David Brooks describes himself as a “proud member” of “the anti-Trump movement” in his latest column for The New York Times, but as the title suggests—“The Decline of Anti-Trumpism”—he’s ashamed of what’s become of the president’s opposition. The anti-Trump movement, he argues, “seems to be getting dumber. It seems to be settling into a smug, fairytale version of reality that filters out discordant information. More anti-Trumpers seem to be telling themselves a ‘Madness of King George’ narrative: Trump is a semiliterate madman surrounded by sycophants who are morally, intellectually and psychologically inferior to people like us.” Brooks contends that while anti-Trumpers obsess over the president’s fitness for office, “the White House is getting more professional” and “briskly pursuing its goals.”
It’s almost as if there are two White Houses. There’s the Potemkin White House, which we tend to focus on: Trump berserk in front of the TV, the lawyers working the Russian investigation and the press operation. Then there is the Invisible White House that you never hear about, which is getting more effective at managing around the distracted boss.
I sometimes wonder if the Invisible White House has learned to use the Potemkin White House to deke us while it changes the country.
David Frum, himself an anti-Trump conservative, implicitly responded to Brooks in a column at The Atlantic, where he warns that anti-Trumpism only seems to be in decline because Americans are becoming numb to the president’s depredations. “We have gotten used as well to the publicly visible consequences of that reality: the lying, the bullying, the boasting,” Frum writes. “We have gotten used, too, to a routine level of disregard for the appearance of corruption: the payments from lobbyists and foreign hotels to Trump-branded properties; the flow of payments to the presidential family from partners in Turkey, the Philippines, India, and the United Arab Emirates; the nondisclosure of the president’s tax returns.”
Frum is much closer to the mark than Brooks; complacent acceptance of Trump’s norm-breaking is a bigger problem than knee-jerk opposition to the president. Yet Brooks does have a point that there are diminishing returns in the singleminded focus on Trump’s personal failings, which reached new heights (or lows) with the publication of Fire and Fury, Michael Wolff’s salacious and questionable insider account of the first year of the Trump White House. Highlighting Trump’s manifest unfitness for office made sense when he was a candidate, but now that he’s president, his personal flaws are only part of a broader, distinctly partisan crisis.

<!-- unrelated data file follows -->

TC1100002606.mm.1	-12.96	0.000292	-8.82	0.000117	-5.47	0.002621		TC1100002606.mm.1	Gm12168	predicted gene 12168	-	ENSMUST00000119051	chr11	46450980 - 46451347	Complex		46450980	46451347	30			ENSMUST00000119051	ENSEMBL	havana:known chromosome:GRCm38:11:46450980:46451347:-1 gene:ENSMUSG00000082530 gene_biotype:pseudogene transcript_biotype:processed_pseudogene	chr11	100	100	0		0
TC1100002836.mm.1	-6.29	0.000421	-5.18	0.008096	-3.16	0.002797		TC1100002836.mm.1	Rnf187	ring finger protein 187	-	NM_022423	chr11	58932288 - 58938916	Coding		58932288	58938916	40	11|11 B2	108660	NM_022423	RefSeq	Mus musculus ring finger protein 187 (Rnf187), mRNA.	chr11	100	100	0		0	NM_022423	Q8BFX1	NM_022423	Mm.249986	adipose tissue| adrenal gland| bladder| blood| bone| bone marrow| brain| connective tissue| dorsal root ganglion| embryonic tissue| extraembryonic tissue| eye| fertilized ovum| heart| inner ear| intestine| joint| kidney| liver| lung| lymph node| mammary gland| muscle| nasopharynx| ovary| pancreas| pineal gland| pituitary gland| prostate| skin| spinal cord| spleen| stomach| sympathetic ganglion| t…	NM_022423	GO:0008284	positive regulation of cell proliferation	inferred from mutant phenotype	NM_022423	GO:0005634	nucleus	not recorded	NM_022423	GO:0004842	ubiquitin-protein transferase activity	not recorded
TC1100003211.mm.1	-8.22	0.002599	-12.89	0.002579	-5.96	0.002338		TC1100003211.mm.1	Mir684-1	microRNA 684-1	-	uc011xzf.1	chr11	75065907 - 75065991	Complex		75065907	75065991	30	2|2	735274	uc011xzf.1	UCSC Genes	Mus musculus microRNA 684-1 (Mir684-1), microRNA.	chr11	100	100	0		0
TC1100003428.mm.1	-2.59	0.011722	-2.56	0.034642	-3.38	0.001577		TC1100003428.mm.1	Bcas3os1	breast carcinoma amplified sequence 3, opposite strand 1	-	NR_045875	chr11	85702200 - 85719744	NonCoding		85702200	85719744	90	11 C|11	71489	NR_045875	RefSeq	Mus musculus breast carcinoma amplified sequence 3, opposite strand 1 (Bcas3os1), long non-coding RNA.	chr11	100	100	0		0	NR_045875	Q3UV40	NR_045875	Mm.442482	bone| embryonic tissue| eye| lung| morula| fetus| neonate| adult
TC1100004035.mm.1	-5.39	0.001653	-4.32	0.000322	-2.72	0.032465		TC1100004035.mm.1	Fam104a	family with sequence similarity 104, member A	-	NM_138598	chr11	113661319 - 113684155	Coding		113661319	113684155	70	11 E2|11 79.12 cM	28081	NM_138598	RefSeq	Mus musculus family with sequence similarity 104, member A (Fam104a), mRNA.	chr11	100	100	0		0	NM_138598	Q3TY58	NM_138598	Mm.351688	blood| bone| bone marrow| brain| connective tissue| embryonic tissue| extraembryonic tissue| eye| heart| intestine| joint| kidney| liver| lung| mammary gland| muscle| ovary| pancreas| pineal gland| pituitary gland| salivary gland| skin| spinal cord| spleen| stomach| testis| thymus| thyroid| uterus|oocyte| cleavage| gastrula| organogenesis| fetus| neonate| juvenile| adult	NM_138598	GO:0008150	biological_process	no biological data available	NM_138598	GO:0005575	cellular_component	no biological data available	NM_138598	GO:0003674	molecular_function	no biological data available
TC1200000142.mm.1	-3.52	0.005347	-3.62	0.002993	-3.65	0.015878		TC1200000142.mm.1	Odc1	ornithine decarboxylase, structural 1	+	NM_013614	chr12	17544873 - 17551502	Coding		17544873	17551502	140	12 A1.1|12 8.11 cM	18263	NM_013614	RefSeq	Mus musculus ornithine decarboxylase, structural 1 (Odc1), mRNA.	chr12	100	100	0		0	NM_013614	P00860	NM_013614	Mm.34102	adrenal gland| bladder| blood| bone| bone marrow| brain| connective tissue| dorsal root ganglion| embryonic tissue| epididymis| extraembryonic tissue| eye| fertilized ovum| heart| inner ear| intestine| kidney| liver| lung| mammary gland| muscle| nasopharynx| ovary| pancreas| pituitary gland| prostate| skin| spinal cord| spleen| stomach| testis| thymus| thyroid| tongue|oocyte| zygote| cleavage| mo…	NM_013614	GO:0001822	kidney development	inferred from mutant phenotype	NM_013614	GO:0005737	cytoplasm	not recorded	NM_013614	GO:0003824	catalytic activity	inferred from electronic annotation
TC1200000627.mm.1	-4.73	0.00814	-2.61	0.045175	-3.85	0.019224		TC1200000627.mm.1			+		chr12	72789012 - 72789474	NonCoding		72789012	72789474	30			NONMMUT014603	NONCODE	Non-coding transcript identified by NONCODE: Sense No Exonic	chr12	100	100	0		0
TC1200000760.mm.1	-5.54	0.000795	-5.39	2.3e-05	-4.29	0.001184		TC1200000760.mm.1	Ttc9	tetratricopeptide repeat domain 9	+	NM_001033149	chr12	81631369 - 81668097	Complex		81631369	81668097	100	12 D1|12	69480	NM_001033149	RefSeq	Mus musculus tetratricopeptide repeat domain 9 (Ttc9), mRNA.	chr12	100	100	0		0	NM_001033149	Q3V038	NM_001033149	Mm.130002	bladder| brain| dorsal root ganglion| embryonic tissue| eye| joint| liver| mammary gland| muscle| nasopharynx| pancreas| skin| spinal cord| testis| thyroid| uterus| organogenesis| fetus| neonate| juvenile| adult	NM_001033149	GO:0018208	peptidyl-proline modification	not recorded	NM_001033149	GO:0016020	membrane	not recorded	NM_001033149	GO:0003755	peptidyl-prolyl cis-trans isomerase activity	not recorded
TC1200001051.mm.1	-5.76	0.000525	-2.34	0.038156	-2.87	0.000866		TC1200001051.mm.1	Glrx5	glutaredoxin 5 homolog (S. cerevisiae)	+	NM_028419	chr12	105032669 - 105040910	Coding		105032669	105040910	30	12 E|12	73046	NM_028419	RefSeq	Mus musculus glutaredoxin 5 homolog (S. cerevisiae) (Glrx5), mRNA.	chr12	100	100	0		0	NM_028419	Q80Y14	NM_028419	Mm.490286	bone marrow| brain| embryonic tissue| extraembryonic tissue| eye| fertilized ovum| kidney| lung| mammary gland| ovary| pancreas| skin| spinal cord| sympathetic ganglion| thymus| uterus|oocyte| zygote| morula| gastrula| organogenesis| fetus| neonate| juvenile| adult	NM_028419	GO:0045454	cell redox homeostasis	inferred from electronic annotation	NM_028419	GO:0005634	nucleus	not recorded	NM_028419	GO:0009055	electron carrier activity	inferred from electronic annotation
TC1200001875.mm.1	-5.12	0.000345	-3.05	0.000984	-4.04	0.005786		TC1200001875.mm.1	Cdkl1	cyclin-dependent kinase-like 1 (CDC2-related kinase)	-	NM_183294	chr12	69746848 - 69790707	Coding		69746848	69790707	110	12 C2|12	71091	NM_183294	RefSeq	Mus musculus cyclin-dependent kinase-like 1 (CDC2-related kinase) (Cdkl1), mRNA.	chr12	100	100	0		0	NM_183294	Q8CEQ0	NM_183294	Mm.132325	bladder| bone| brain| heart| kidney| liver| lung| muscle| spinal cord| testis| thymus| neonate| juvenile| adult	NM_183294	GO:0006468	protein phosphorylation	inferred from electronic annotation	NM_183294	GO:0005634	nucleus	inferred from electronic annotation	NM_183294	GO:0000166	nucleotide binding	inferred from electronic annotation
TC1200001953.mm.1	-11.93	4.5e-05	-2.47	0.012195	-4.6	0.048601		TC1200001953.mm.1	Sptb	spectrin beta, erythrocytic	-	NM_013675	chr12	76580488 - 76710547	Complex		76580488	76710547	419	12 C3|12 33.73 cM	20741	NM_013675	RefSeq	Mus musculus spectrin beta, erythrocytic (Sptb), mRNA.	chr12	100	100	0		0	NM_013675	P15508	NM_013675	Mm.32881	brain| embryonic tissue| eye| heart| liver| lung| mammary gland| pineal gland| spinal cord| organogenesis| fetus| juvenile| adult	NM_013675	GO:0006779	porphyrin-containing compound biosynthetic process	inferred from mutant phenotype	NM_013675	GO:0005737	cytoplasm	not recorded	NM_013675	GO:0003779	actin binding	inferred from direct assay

Much of Trump’s power as president is rooted in his support from Republicans in Congress. He and his party are now fused. With the White House becoming “more professional,” as Brooks put it, Trump is acting more like a generic Republican president—pushing tax cuts and an aggressive foreign policy just as much as President Jeb Bush or President Marco Rubio would have. The transformation is somewhat surprising, since Trump ran as candidate unencumbered by party orthodoxy, willing to decry entitlement cuts and criticize George W. Bush for the lies that led to the Iraq War.
But it’s also not a complete transformation. Trump plays the generic Republican awkwardly, as we saw in Tuesday afternoon’s meeting between the president and Congress. When House Minority leader Nancy Pelosi argued for a clean bill to fix Deferred Action for Childhood Arrivals program, Trump was eager to go along with the idea. He had to be reminded by Republican Congressman Kevin McCarthy that the GOP was against a clean DACA bill:
It’s unclear that Trump even understands that a “clean DACA bill” means legislation that has no other issues attached to it. During the meeting, Trump said:
In deciding to govern as a mainstream Republican, Trump has received not just the support of the Republican Party, but its protection from congressional investigation. As Frum wrote, “We have gotten used to the president’s party in Congress sabotaging and discrediting the investigation into foreign manipulation of the U.S. presidential election.” Trump and the Republican Party have a de facto bargain: He gives party leaders control over the agenda, and they tolerate and defend him from accusations of corruption and collusion with Russia.
Leading up the 2016 election, it was possible to imagine a broad anti-Trump coalition that included conservative Republicans like Brooks. But after the chaos wrought by Trump’s candidacy and victory, American politics is again sorting itself along usual partisan lines. If Trump’s personality cult has merged with the Republican Party, then the only effective anti-Trump movement will be among partisan Democrats, who vote not just to stop the president but also the party that enable him. There are plenty of signs, based on the healthy number of candidates running, that the anti-Trump resistance is now focused on defeating the Republicans in this year’s midterm elections.
Brooks is extremely vague about the parameters of “anti-Trumpism,” which he never defines, thus eliding the differences between conservative and liberal opposition to the president. Now that the GOP has acquiesced to Trump, the anti-Trump Republicans who emerged in the run-up to the 2016 election, like Brooks and Frum, are political orphans. In “The Decline of anti-Trumpism,” Brooks is really just mourning the decline of his particular brand of it.